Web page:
NEWS & VIEWS OF PHILLIPS SINCE 1976
Thursday September 21st 2017

Keep citizen journalism alive!

Donatebutton_narrow

Archives

SECULAR/SACRED

january-2013-alley-news-web-1

By Harvey Winje

Here’s the church, and here’s the steeple

Open the door and see all the people

Try this old nursery rhyme with your hands the way it is illustrated here and then fold your hands again with your fingers outside and open the doors again to see all of the people gone from the church.

Churches, like synagogues, mosques, and all gathering places of worship are just places. People go in and out of the places of worship taking their faith and their practices with them thereby combining the secular and the sacred.

That is what was dramatically portrayed by “La Natividad” in December’s seven performances in Phillips Community and one night at St. Mary’s Basilica in downtown Mpls.

Decades ago, theologian Harvey Cox wrote in “The Secular City” that “the church is primarily a people of faith and action, rather than an institution.” He argued that “God is just as present in the secular as the religious realms of life. Far from being a protective religious community, the church should be in the forefront of change in society, celebrating the new ways religiosity is finding expression in the world.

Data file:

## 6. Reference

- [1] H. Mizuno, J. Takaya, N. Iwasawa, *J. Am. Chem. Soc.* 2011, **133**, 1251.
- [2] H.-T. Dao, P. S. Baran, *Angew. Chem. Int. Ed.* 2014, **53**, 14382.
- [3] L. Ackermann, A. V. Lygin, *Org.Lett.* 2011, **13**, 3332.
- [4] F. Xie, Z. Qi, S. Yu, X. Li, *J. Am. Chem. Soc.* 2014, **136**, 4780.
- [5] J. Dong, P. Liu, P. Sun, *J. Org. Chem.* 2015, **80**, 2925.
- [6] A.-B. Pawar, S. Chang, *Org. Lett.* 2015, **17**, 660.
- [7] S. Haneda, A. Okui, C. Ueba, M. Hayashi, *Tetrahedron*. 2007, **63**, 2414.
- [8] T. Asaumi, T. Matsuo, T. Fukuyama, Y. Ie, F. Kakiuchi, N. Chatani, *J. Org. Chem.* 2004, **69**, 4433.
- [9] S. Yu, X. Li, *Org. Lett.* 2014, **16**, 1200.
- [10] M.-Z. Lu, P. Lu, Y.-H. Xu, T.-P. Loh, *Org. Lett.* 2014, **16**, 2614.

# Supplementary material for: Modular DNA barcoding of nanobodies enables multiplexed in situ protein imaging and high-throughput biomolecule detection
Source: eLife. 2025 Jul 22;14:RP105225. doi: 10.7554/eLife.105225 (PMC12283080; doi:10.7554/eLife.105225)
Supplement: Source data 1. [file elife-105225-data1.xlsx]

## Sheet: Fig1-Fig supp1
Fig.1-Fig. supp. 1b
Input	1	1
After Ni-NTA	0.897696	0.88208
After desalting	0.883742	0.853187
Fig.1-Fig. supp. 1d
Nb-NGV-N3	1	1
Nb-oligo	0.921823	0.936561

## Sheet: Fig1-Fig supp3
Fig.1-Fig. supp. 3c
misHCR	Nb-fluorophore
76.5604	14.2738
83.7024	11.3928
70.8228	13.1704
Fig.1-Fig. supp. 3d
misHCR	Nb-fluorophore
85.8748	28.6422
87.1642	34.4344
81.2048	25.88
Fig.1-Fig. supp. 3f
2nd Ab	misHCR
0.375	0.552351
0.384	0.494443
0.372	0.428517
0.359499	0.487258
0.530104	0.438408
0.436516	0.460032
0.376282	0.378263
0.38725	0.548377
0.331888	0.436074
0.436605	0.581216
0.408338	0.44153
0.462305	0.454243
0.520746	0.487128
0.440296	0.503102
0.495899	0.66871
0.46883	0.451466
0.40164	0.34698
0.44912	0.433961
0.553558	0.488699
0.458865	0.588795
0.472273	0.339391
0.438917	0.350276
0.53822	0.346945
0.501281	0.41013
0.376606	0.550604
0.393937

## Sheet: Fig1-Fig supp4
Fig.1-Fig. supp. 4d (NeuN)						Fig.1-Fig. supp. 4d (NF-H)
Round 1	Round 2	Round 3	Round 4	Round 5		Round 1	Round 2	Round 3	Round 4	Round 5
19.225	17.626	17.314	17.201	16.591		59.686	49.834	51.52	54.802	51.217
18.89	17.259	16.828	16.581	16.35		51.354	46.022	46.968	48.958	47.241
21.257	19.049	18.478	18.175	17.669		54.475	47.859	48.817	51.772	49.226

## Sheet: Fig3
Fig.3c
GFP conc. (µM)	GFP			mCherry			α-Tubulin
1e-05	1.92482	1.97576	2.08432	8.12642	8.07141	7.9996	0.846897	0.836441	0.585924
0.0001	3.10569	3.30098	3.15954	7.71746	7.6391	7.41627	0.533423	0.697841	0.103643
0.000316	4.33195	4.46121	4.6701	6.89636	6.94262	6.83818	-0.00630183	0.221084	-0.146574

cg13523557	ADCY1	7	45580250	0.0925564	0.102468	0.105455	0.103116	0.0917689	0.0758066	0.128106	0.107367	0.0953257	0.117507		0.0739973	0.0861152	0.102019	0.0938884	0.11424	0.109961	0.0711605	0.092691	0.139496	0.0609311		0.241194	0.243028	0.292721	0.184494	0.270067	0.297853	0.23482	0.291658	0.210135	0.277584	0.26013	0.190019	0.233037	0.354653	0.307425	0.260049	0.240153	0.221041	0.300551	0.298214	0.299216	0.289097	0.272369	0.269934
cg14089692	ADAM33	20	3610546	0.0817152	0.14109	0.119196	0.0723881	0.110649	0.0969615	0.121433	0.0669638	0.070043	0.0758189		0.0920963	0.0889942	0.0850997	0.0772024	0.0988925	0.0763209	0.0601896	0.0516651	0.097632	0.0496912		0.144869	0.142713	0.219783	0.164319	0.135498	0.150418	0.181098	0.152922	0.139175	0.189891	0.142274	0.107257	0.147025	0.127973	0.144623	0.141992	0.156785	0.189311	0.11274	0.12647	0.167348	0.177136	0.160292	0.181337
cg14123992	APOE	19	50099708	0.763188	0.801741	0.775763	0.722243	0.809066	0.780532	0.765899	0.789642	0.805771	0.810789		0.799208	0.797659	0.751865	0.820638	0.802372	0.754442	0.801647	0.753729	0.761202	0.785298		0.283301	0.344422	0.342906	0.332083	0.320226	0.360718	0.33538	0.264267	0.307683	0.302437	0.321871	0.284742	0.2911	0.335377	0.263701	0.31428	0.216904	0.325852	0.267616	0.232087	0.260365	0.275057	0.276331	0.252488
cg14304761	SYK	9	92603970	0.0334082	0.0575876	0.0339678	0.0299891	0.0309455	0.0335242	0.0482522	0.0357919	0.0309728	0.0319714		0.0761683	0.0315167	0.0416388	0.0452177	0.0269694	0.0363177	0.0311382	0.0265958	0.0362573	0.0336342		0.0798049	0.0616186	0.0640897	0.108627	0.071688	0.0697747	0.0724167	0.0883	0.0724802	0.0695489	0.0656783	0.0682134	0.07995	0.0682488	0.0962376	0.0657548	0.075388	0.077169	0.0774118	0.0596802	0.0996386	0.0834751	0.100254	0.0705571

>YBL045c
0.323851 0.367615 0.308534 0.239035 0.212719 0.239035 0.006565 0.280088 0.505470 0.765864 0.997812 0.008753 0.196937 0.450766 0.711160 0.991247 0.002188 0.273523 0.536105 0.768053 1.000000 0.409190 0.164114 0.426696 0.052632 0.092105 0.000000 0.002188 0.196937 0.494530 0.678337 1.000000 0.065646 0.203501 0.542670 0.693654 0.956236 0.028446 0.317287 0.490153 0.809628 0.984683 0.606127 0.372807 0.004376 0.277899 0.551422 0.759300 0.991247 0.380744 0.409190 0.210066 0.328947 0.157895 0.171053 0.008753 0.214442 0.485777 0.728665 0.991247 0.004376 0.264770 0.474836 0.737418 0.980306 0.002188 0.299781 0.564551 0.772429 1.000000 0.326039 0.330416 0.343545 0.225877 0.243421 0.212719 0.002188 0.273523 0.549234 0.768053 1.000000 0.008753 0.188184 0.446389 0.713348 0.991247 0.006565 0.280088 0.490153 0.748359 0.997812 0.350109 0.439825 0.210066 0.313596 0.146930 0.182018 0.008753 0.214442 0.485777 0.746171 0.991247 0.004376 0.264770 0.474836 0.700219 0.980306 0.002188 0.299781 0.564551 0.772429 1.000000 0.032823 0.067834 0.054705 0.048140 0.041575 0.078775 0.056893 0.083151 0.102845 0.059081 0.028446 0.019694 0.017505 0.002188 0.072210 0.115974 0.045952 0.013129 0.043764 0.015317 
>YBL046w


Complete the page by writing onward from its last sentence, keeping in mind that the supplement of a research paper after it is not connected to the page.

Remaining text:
“The Gospel does not call man to return to a previous stage of his development. It does not summon man back to dependency, awe, and religiousness. Rather it is a call to imaginative urbanity and mature secularity. It is not a call to man to abandon his interest in the problems of this world, but an invitation to accept the full weight of this world’s problems as the gift of its Maker. It is a call to be a man of this technical age, with all that means, seeking to make it a human habitation for all who live within it.”

These eight vivid enactments of the ancient Christmas narrative made clear to over 2,000 people how enmeshed our spiritual and pragmatic existence is every day as the “La Natividad” pageant unfolded from the marketplace; Las Mojarras Restaurant, to the public plaza; Plaza Verde, to the civic arena; the Avalon Theatre, to a sanctuary; St. Paul’s Church, and encounters with traffic and a despot on the street in between each place tredged on cold wintery nights by candlelights, street lights, and headlights to the secular cacophony of horns, shouting, and awe inspired gasps punctuating the sacred music of the choir, the drums, the horns, and strings.

This pageant fashioned by Luisa Cabello Hansel, Patrick Cabello Hansel, Sandy Spieler, and Lori Witzkowski and dramatically retold each night by scores of participants supplemented by throngs of audiences defied discussion of the relationship of the secular and the sacred as it brought to the minds and hearts of all involved how beautifully yet poignantly our lives are intertwined with aspirations of spirituality and the realities of day to day life.

Here’s the church, and here’s the steeple
Open the door and see all the people. 

Here’s the City, and here’s the people

Opening their doors

raising many steeples.

Share this with your friends:
  • email
  • Print
  • PDF
  • Twitter
  • Facebook
  • Tumblr
  • Digg
  • StumbleUpon
  • del.icio.us
  • Google Bookmarks

Leave a Reply